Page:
Null Object Pattern
A design is far better when there are no exceptions. Whenever you write an if statement, Nyan Cat cries.
Yesterday I remembered this blog quote when I faced a common situation handling nested hashes in Ruby.
What if I want to get some of that data and use it to manually instantiate a
Company entity? Wll, attributes for that entity are not nested like the hash is:
That’s not the most beautiful piece of code, but it works if–and only–if all keys are present. If not
fetch will complain. You can say, “But what if we use
 method instead of
fetch?” Well, if the
address key is missing in our
hash, the code
hash[:address][:line_1] will throw a
NoMethodError for NilClass. Not ideal.
What now? “Add an
if, it will fix that.” Mmmm… yes, it will solve the problem, but do you remember the quote at the beginning of this post? I want to avoid adding
if statements to this piece of code. This is where the Null Object pattern enters.
I used a very simple implementation of this pattern just to satisfy cases like this one. We can use it in many different ways and have a lot of flexibility, I just wanted to avoid the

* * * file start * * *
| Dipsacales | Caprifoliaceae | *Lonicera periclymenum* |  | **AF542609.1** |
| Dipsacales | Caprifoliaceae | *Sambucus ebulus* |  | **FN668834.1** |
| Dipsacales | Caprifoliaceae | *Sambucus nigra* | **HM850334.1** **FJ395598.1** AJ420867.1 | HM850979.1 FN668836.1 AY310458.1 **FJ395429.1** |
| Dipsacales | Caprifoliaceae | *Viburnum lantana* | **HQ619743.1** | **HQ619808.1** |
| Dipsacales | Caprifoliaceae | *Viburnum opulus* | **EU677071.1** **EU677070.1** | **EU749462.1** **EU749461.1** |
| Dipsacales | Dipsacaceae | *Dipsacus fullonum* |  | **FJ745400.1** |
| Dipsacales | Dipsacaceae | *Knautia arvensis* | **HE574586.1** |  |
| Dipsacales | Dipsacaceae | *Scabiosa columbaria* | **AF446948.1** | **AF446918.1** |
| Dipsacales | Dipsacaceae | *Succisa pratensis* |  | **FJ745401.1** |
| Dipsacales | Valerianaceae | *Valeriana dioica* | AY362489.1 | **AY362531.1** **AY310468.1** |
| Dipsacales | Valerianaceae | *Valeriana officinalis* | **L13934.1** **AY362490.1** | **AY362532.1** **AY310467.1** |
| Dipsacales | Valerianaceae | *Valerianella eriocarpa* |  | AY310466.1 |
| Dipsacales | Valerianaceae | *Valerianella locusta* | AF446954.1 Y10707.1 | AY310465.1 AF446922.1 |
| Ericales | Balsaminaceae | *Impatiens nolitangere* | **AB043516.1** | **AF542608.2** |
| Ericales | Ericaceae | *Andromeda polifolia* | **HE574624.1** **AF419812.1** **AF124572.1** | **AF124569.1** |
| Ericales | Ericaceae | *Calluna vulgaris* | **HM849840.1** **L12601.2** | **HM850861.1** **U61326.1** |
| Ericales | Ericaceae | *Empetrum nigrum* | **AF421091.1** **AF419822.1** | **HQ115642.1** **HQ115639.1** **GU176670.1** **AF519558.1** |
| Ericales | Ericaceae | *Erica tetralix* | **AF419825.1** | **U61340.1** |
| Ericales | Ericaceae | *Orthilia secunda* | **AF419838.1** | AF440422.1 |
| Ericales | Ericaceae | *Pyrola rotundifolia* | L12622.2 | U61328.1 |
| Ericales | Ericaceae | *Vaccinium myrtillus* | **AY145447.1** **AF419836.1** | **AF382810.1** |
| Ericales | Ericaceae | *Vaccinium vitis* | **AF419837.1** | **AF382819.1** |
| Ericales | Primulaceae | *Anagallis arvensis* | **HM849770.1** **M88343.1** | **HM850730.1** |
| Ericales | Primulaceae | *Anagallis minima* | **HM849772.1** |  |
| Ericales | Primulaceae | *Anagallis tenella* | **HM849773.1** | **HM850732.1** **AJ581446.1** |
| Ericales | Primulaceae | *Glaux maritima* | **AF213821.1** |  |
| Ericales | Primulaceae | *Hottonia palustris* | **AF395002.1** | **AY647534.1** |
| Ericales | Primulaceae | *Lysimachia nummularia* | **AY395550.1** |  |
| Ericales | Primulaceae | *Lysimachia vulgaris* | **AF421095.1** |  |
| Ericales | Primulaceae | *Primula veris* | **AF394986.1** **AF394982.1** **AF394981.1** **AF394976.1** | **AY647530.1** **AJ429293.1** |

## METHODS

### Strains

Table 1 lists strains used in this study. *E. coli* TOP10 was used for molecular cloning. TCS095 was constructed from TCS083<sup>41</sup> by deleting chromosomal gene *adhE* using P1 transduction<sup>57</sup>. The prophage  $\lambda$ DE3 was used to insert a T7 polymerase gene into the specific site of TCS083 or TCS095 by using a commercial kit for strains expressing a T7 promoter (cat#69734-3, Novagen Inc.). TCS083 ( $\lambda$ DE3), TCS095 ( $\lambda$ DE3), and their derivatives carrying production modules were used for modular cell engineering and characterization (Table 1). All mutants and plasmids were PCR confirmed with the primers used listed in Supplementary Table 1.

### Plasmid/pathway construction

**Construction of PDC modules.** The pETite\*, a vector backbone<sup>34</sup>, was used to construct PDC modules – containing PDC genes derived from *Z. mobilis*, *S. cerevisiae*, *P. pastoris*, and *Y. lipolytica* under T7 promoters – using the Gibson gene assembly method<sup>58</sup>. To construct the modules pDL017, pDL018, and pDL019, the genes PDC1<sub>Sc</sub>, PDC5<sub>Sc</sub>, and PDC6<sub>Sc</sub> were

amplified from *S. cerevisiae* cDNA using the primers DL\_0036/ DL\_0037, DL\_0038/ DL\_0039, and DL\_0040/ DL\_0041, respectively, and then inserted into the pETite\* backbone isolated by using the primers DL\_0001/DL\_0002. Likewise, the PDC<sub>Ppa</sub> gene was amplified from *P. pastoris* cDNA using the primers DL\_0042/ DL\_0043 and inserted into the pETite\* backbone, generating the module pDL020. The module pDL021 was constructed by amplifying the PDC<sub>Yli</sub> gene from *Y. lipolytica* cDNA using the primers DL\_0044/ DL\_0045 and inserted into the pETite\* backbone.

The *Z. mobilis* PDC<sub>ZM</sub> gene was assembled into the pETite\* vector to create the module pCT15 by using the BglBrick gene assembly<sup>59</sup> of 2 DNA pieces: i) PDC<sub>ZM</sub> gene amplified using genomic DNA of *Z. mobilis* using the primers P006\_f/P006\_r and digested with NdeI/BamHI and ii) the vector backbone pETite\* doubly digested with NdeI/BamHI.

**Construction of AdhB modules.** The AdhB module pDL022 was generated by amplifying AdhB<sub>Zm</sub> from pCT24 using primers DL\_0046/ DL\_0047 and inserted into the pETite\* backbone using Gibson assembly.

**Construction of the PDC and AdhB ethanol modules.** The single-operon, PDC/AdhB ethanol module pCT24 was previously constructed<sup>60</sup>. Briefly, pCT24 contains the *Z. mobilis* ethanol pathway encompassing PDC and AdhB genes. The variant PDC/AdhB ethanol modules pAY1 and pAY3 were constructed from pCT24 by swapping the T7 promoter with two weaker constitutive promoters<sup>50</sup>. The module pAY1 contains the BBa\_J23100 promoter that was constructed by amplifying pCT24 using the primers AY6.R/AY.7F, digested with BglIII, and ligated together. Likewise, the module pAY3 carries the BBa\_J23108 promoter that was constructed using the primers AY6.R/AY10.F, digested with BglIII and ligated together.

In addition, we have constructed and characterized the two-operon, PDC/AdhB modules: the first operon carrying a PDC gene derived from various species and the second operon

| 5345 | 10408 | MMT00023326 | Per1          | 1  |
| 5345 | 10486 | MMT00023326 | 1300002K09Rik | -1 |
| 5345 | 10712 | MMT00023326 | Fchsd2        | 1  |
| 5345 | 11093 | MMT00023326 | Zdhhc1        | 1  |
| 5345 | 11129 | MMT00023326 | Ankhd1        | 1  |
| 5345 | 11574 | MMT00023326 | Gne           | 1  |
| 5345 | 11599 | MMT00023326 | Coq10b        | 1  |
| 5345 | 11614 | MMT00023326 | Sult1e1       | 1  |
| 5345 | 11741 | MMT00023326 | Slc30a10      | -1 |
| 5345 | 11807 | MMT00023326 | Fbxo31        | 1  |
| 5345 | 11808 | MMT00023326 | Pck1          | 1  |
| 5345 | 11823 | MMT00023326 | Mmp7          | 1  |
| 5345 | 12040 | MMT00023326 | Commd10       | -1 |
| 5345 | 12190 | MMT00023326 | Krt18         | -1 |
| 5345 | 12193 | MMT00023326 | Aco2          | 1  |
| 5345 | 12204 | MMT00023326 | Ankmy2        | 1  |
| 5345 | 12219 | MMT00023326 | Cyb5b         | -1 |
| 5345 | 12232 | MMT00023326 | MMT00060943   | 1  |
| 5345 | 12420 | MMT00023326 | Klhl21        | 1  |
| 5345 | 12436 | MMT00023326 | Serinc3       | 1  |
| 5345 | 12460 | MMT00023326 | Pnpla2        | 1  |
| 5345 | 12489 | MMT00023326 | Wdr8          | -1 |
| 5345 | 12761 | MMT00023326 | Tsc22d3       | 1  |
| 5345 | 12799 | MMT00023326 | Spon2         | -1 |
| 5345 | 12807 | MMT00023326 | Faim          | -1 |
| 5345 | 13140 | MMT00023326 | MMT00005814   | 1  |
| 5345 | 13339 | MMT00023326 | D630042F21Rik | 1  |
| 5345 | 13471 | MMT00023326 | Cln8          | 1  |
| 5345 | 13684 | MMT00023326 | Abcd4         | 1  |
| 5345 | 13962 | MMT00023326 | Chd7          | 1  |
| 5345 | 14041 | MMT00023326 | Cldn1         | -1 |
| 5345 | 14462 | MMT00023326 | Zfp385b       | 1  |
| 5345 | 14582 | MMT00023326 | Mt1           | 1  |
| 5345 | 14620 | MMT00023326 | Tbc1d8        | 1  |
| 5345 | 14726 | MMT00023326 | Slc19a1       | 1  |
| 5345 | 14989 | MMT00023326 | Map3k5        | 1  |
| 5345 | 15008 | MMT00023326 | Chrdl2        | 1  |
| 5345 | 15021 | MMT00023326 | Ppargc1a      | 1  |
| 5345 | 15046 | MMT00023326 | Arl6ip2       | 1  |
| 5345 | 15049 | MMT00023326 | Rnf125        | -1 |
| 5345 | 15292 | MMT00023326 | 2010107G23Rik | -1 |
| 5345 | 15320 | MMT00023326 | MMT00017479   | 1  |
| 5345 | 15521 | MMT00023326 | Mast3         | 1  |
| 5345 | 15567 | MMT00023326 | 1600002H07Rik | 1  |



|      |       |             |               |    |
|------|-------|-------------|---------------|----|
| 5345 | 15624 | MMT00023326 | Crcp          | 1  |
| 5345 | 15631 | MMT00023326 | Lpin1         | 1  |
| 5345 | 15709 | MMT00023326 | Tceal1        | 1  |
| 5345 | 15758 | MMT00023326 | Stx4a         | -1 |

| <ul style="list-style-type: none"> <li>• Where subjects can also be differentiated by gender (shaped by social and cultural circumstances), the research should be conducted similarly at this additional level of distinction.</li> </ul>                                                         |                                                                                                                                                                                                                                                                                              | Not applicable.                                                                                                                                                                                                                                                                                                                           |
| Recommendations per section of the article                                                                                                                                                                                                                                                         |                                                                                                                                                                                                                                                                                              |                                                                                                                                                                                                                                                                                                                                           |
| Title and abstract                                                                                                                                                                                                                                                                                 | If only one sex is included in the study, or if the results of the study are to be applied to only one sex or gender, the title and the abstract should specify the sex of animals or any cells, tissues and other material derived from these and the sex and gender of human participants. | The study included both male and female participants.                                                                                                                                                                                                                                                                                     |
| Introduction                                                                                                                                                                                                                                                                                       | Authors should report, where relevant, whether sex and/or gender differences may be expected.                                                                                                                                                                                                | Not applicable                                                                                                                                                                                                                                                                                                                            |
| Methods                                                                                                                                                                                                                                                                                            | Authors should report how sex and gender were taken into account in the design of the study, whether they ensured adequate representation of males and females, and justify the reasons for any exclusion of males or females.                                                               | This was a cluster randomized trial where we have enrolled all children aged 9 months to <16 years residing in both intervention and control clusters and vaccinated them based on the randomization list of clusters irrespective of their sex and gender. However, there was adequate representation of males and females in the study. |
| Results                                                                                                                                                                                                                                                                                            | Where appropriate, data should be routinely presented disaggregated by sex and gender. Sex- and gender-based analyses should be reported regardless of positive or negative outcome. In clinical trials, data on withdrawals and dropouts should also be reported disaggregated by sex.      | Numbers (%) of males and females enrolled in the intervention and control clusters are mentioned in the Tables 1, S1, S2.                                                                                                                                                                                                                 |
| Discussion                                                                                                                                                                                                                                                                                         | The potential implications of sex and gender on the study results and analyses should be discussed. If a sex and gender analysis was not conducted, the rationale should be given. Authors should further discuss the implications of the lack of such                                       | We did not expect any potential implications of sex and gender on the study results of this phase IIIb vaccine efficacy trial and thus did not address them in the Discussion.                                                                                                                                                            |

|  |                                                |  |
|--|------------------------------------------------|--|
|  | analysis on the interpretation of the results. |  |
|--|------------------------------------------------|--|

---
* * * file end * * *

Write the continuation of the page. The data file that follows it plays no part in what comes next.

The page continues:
NoMethodError being thrown again.
# null_object.rb class NullObject def method_missing(*args, &block) nil end end # company.rb address = hash.fetch(:address, NullObject.new) Company.new( name: hash.fetch(:company_name), address_line_1: address.fetch(:line_1), address_line_2: address.fetch(:line_2), city: address.fetch(:city), state: address.fetch(:state) )
This way the
NullObject instance is just nullifying my call to
fetch, because I don’t have that
:address key. This improved my design, simplified my code, and made it safer.
Why don’t you go ahead give it a try? It might be as helpful for you as it was for me. Here I created my own implementation of this pattern, a very simple one, no fanciness needed, but if you want something more sophisticated check out Naughy, by Avdi Grimm.